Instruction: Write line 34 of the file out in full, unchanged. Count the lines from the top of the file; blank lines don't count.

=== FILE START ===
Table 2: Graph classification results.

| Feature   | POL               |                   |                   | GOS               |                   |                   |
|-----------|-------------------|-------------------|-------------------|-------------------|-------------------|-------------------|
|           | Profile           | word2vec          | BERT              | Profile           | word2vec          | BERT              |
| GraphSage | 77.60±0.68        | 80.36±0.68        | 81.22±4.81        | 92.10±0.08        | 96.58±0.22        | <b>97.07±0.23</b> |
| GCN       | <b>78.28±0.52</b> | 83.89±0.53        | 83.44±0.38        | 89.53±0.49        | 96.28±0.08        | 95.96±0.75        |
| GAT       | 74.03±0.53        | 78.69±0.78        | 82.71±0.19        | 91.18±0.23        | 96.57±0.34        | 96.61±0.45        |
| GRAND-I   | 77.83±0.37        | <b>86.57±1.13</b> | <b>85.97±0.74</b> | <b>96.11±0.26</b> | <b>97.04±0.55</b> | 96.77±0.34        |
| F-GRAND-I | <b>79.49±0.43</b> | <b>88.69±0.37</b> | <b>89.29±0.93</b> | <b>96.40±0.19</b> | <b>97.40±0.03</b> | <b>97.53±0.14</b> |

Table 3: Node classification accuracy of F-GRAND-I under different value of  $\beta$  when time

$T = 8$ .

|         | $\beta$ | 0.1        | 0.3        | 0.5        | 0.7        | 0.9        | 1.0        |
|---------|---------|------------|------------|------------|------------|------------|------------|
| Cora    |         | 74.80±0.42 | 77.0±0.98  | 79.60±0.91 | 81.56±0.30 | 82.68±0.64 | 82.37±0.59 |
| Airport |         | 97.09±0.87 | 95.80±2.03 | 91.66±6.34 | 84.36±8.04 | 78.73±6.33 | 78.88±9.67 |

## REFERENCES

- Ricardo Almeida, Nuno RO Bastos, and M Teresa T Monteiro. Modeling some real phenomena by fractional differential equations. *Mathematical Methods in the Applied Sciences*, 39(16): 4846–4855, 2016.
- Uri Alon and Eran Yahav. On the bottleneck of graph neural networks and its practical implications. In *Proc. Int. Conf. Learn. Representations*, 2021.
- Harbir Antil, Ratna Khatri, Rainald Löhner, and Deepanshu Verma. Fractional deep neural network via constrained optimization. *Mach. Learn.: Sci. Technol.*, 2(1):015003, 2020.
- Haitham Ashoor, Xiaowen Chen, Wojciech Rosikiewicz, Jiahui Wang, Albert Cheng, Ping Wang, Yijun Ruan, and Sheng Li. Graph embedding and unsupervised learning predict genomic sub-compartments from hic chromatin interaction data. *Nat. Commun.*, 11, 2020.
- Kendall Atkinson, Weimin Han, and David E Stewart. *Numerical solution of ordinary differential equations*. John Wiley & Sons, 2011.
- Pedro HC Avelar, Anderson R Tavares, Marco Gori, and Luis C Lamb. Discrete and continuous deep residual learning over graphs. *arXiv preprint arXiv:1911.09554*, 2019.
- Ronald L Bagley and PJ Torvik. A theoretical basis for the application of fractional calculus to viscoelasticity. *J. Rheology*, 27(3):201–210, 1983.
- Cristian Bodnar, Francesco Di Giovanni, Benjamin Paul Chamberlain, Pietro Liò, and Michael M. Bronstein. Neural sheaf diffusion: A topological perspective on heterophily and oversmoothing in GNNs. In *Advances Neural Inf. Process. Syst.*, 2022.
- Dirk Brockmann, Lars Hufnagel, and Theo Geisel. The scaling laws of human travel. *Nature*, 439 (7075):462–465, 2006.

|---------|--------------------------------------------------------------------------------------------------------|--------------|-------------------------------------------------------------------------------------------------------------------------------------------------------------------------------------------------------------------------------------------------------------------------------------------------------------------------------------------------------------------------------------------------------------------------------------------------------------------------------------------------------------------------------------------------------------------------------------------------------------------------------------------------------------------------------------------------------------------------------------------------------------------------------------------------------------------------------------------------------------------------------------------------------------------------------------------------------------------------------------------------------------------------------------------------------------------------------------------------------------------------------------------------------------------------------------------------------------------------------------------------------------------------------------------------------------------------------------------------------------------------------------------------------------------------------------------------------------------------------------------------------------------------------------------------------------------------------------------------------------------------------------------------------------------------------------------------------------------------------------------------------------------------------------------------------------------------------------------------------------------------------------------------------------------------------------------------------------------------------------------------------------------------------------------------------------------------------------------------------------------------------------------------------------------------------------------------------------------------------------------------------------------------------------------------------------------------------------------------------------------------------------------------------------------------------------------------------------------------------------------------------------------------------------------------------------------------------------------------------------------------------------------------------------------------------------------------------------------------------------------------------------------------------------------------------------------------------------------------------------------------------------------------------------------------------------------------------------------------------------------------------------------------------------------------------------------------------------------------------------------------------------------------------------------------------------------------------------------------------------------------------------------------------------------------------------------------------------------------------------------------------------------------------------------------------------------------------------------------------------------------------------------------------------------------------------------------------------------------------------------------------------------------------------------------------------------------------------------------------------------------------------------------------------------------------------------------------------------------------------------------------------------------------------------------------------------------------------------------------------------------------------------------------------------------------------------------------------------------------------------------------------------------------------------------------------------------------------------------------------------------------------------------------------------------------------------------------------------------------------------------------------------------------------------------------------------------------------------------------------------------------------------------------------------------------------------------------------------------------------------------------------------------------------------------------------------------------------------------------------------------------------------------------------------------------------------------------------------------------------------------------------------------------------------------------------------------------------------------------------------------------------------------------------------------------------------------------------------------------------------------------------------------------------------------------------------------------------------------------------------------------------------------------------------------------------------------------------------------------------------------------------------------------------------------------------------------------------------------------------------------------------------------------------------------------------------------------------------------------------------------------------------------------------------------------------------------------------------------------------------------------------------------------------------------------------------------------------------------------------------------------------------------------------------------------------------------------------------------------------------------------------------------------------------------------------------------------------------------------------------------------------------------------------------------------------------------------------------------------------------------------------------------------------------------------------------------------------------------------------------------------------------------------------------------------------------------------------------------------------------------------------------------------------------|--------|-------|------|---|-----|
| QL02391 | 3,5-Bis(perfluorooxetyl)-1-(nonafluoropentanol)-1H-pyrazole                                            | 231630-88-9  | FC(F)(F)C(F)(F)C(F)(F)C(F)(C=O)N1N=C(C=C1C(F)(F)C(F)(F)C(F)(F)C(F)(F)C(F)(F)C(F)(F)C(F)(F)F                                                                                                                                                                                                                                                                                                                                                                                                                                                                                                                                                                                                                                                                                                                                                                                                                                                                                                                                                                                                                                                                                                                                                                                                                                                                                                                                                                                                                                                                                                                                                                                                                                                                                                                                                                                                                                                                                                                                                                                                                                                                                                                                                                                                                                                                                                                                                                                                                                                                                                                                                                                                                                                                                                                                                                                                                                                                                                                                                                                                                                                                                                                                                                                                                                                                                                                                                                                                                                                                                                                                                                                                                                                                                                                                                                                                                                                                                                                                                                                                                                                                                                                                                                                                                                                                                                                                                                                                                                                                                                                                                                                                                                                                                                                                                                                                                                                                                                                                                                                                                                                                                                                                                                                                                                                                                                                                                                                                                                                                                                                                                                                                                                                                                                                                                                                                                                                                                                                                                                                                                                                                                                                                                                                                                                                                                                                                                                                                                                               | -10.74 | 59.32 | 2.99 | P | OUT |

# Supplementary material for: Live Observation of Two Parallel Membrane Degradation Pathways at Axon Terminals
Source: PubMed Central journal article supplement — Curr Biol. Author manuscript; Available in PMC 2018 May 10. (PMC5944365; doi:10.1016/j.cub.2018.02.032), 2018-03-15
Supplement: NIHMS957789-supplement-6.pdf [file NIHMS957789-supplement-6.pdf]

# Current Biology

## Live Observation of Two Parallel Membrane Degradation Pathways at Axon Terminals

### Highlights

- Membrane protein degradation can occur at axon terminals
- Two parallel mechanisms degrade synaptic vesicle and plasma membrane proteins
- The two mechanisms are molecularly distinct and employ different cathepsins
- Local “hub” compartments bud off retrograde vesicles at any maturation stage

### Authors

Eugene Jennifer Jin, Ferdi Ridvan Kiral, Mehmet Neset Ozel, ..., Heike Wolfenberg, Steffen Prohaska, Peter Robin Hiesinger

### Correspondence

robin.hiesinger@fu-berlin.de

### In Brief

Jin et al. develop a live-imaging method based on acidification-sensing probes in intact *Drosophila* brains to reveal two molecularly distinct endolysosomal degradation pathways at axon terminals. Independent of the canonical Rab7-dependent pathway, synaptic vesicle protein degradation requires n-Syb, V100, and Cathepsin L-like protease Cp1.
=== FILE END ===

- Membrane protein degradation can occur at axon terminals